Northwest Environment Watch, a Seattle-based think tank, has proposed a new tax system to put the financial squeeze on pollution, not people. Tax carbon-dioxide emissions, smog, sprawl, and pesticides, they say, instead of business, income, and sales.
Sometimes an idea comes along that makes so much sense you just want to snap your fingers, turn into the benevolent dictator of the world, and put it in place. But only rarely do such ideas come with operating instructions, small steps to take while the public gets used to change.
Sweden is already implementing similar taxes. In an effort to reduce pesticide use by 50 percent in five years, Sweden has increased taxes to fund antipollution research efforts. And in San Diego a private company built two highway lanes with a scanner toll system for people willing to pay to drive on the less congested road.
Minnesota, Vermont, and Maine are talking about a carbon tax per ton of emissions, and if one or two states go forward, others are likely to follow suit. Existing taxes on the chemical industry could gradually be adjusted to be proportionate to emissions, and business taxes could be lowered accordingly.
The authors of "Tax Shift," Alan Thein Durning and Yoram Bauman, point to taxes that reward the least-polluting fifth of the population with tax breaks, while doubling taxes on the most-polluting fifth. Such taxes could work at the gas pump, where clean-burning fuels have traditionally been at a disadvantage because of their slightly higher cost. Give them a tax break while shifting the burden to the dirtier varieties, and the market will adjust itself accordingly, and cleanly. A similar shift could work on vehicles, with the dirtiest 20 percent paying double sales taxes, while the cleanest 20 percent would be sales-tax free. Such taxes could use existing information - odometer readings, emissions reports - without having to set up whole new bureaucracies.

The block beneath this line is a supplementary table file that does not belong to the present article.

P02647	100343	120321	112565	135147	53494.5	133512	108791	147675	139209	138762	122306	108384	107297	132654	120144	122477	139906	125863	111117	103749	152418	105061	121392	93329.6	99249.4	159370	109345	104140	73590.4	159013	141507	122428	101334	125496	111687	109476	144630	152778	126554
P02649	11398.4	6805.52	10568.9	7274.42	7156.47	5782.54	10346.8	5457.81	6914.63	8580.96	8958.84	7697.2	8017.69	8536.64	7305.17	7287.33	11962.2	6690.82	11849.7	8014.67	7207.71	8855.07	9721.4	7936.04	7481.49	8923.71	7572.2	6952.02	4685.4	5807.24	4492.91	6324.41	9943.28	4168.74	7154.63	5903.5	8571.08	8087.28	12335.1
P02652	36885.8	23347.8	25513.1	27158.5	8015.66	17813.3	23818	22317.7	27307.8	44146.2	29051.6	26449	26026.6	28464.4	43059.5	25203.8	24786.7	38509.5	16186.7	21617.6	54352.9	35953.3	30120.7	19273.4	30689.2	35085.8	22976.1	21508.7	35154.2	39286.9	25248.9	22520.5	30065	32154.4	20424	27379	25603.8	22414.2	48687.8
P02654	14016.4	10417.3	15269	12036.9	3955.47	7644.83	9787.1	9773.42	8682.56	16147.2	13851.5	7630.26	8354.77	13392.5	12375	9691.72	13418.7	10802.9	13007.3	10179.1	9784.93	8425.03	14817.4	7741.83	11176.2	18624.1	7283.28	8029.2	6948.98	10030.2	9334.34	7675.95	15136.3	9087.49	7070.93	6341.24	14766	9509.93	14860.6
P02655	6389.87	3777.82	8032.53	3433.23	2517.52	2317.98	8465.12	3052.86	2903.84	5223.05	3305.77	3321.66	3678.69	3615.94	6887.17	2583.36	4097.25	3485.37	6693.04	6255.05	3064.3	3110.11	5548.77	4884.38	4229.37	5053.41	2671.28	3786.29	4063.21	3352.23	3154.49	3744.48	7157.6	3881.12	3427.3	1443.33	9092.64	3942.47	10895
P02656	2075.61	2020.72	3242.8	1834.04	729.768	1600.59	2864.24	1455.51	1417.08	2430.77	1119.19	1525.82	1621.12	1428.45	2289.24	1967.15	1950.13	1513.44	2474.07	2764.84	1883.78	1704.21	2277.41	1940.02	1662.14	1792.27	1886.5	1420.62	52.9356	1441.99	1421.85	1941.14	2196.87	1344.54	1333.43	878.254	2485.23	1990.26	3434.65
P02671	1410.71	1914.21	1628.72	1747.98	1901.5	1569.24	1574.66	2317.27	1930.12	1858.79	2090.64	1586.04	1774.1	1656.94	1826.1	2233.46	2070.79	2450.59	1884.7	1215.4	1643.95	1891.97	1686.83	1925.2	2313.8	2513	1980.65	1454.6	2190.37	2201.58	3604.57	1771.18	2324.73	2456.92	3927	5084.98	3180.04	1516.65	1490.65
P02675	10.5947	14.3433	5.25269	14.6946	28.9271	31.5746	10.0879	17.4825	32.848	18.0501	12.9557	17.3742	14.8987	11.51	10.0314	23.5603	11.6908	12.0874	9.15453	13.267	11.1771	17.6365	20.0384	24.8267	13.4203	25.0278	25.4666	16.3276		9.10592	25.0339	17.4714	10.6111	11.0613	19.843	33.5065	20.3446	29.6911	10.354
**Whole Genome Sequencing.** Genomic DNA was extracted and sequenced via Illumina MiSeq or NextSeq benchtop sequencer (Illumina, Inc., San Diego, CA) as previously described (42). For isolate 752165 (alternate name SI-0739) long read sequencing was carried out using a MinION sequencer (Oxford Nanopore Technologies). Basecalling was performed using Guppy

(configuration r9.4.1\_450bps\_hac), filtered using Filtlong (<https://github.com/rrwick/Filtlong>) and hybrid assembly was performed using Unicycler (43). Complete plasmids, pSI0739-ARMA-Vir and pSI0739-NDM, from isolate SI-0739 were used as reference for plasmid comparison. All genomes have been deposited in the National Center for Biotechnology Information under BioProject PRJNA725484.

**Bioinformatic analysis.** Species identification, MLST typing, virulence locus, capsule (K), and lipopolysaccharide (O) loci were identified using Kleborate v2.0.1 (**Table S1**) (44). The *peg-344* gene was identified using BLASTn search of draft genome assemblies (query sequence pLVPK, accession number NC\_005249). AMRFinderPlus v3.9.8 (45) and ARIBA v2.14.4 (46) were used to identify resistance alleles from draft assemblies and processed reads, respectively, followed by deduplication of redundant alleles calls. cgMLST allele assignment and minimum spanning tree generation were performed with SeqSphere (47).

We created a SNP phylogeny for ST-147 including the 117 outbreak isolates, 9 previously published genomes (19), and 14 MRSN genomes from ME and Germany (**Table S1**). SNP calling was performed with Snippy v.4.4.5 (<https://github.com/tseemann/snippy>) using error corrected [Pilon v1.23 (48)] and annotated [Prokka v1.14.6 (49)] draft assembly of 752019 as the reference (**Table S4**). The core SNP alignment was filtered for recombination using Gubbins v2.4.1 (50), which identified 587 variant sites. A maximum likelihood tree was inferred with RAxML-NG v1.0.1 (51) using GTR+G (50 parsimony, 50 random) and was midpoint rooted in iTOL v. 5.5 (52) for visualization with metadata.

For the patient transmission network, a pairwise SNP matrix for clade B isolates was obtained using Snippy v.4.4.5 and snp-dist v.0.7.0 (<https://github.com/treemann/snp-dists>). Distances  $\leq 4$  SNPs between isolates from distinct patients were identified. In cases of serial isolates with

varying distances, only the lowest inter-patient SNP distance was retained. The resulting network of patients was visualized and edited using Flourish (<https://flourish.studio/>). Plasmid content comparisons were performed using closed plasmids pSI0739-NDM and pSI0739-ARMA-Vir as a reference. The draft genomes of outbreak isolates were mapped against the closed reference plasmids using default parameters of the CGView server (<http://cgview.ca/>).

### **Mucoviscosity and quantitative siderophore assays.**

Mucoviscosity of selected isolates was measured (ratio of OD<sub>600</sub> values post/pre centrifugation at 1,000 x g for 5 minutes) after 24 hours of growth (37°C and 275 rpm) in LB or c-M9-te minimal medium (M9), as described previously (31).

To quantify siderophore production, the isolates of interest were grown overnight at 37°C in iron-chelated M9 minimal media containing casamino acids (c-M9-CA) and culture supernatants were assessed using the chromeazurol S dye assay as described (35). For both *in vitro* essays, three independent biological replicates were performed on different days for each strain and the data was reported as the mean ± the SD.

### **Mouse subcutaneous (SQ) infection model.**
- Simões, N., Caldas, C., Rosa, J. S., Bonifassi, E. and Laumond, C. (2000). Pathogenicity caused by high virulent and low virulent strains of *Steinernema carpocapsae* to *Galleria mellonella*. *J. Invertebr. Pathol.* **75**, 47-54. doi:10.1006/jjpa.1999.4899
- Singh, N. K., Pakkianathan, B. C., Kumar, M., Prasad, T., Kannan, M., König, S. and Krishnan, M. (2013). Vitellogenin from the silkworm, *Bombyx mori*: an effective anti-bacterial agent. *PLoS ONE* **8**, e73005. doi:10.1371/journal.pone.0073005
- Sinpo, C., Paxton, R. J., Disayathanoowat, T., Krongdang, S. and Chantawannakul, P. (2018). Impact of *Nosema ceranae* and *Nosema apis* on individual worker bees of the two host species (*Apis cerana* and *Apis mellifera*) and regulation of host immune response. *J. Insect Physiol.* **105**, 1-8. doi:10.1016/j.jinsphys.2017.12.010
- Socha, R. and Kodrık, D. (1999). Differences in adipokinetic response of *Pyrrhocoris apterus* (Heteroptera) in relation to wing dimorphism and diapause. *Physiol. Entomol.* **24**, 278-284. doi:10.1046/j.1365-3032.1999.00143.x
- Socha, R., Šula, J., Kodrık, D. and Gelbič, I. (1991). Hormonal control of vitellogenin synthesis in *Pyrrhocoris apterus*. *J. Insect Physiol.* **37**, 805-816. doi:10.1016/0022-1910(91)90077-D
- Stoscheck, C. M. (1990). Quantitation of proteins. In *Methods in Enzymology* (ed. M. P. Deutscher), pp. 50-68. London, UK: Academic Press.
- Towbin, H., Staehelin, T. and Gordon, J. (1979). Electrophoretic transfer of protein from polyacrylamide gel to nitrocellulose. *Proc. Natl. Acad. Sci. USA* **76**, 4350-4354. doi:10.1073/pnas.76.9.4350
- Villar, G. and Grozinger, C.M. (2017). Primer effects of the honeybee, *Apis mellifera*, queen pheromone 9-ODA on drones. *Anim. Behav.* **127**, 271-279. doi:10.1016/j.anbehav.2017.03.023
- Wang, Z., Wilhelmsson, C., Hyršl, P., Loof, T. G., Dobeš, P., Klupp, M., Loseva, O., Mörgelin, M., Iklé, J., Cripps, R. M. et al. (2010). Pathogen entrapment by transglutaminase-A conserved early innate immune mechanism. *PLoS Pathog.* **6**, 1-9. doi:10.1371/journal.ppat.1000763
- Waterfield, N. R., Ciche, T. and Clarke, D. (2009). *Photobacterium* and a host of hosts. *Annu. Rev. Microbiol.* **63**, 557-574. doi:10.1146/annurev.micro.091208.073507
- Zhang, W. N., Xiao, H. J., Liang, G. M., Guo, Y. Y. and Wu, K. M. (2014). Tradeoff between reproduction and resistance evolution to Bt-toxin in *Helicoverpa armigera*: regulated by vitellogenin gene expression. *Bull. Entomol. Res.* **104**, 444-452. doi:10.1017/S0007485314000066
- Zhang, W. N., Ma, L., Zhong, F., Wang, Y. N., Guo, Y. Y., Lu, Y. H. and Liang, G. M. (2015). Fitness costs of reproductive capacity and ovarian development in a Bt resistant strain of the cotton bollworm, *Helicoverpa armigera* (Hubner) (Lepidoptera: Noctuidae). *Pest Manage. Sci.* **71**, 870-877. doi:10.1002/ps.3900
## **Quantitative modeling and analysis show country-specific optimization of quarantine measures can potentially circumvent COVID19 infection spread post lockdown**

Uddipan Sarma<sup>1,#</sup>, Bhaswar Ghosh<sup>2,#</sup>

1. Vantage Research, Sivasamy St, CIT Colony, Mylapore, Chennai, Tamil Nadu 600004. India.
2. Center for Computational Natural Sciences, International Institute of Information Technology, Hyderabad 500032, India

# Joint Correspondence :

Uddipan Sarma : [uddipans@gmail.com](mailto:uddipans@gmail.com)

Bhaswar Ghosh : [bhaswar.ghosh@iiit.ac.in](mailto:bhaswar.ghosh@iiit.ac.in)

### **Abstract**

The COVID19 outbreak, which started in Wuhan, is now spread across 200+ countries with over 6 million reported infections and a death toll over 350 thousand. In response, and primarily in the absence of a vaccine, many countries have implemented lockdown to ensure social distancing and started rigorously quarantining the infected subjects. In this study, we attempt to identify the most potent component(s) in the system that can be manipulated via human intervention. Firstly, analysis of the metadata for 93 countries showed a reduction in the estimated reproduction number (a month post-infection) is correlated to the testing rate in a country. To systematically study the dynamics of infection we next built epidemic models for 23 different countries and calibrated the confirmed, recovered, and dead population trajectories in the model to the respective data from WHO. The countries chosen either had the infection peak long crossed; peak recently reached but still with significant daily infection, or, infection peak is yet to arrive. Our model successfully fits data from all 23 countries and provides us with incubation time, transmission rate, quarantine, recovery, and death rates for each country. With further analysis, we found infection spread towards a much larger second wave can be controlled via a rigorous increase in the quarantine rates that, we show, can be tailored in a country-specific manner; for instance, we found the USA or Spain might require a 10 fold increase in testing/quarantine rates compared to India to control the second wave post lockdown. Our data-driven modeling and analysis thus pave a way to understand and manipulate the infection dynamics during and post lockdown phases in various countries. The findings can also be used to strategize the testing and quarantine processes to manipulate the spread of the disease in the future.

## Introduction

NORTHWEST Environment Watch points out that our current tax structure evolved from a long tradition of revolts. Realizing it could be hard to get voters to rally behind a huge new tax structure, the authors note smaller steps to a more enlightened code.
Congestion taxes could be phased in one road at a time, with higher tolls on busier roads at peak hours. On a regional basis, taxing land, rather than the buildings on it, could reduce land speculation, sprawl, and the concomitant loss of farmland and open space while encouraging development of vacant urban lots, which already have utilities, public transportation, schools, and easy access to work. And taxing pesticides on a state-by-state basis could result in significantly cleaner waterways and healthier fish stocks.
The proposals could result in a proliferation of new political bedfellows, as they combine traditionally liberal techniques and issues - concern for the environment, fair wages, punishing polluters - with conservative watchwords like reliance on market forces, enterprise, and responsibility. A broad coalition could be built around the proposals, bringing environmentalists together with small-scale industrial polluters who would sign on when they realized drivers of sport utility vehicles would finally have to share some blame for smog over cities.
The tax shift plan carries good news and bad for the average voter. "People get to keep their paycheck, the whole thing," says Mr. Durning. "The bad news is they'll pay more for high impact goods. They'll pay more to drive, and they'll pay more for virgin paper and non-organic food.... We can get prices to tell us the truth about the cost of our actions on others."
And as the report notes, when you tax something, you get less of it. If less pollution, less sprawl, and less congestion are possible under these proposals, it's easier to imagine a populace that is happier about doing its civic duty, pulling together while paying up.
* Tina Kelley writes regularly for The New York Times and Seattle Times. She lives in Seattle.